UPS gets serious about US-based drone deliveries for healthcare

Pharmaceutical CommercePharmaceutical Commerce - November 2019
Volume 14
Issue 4

Collaborations with AmerisourceBergen and CVS Pharmacy expand UPS’ commercial footprint

In steady, stepwise fashion, UPS is making progress toward a commercial business of delivering healthcare products by drone in the US. The latest action is an agreement with AmerisourceBergen, a leading wholesaler-distributor, to use drones to deliver “certain pharmaceuticals, supplies and records” to qualifying medical campuses in the US, “and then to expand its use to other sites of care.” Almost simultaneously, it announced a partnership with CVS to test making pharmacy deliveries to consumer homes.

These collaborations were preceded by the announcement, in October, that the Federal Aviation Administration would allow commercial drone flights to a UPS business unit, UPS Flight Forward, Inc. And last March, UPS announced the first FAA-sanctioned use of a drone for routine flights; for that, UPS has been working with a drone developer, Matternet. The FAA approvals are important because they allow for flights beyond an operator’s line of sight, greatly expanding the potential scale of drone deliveries.

There are other companies pushing forward with plans for drone flights for a variety of purposes including making deliveries, most notably Amazon’s announced plans to experiment with delivering consumer products to its customers. UPS seems to be the first to target healthcare products in the US. UPS’ partner, Matternet, is currently delivering lab samples within a Swiss hospital system; and DHL has experimented with a variety of pharmacy deliveries in Germany.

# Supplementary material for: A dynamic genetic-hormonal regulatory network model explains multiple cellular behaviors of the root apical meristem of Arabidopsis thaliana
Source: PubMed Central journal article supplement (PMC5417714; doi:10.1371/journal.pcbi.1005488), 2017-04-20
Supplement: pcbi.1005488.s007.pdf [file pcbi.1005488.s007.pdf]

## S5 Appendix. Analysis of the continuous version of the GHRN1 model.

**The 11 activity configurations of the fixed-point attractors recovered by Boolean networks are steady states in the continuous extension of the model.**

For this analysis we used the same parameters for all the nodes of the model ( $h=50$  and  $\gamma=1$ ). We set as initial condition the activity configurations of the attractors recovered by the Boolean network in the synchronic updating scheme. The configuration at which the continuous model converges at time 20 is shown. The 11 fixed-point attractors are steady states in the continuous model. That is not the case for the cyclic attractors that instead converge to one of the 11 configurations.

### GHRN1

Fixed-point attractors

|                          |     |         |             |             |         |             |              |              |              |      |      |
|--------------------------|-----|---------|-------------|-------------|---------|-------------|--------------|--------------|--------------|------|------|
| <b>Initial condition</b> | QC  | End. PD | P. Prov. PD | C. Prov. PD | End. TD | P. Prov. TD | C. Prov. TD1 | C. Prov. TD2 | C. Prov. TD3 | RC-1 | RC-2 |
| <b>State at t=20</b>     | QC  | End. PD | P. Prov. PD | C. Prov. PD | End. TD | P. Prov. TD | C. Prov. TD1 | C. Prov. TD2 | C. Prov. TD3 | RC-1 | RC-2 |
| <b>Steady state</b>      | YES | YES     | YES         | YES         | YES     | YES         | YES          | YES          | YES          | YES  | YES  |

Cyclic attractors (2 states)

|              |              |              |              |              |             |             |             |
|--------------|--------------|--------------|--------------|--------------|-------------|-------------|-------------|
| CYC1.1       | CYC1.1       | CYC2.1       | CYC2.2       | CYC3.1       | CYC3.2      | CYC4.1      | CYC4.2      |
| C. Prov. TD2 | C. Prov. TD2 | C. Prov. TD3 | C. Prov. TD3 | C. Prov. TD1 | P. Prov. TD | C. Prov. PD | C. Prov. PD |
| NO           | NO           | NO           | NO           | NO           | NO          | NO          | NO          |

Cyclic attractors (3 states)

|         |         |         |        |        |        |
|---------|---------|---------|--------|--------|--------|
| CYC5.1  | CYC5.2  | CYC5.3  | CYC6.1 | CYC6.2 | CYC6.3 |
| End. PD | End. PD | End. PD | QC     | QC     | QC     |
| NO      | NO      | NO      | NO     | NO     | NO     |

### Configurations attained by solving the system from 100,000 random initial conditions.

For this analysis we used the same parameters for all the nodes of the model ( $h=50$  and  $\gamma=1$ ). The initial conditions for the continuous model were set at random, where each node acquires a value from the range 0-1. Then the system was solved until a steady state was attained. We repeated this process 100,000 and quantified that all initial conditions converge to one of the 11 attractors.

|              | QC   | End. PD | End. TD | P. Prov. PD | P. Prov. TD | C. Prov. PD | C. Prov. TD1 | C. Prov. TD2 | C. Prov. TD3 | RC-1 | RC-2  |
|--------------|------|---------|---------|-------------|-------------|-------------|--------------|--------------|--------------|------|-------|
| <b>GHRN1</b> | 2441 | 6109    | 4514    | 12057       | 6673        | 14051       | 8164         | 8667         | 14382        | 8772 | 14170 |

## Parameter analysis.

Arguably the biggest current healthcare delivery-by-drone program, though, is in Rwanda, where Zipline, a US company, has made 21,500 deliveries of blood and other products to a network of hospitals and clinics within a 50-mile limit of two distribution centers since 2016. William Hetzler, Zipline CEO, told attendees at this year’s Global Cold Chain Forum (Boston, Oct. 15-18) that the company is planning US testing in North Carolina in early 2020, in addition to work with the US Dept. of Defense. In Africa, the company has already expanded into Ghana.

The UPS/AmerisourceBergen partnership “gives us tremendous flexibility in meeting patient needs with emerging technology that will improve supply chain efficiencies in unique and innovative ways,” stated Steve Collis, AmerisourceBergen president and CEO. ABC has 27 distribution centers across the US and serves 95% of the US’ healthcare facilities with the products of more than 1,500 pharma and healthcare-product manufacturers.

Drone delivery of healthcare products still seems to float in the realm of gee-whiz technology of questionable economics, but these announcements defy that belief. Hetzler noted in his presentation that a crucial part of Zipline’s business is providing blood products for patients suffering post-partum bleeding—a common condition, but one that necessitates near-immediate transfusion to save the new mother’s life. At the same time, it is difficult-to-impossible to stock sufficient blood locally and keep its shelf life current. It’s not hard to extrapolate from that to emergency deliveries in the US (where helicopters tend to be used, at high expense). Hetzler also claimed that, once the drone delivery business is at scale in the in the US, deliveries will cost $10-15 per shipment.

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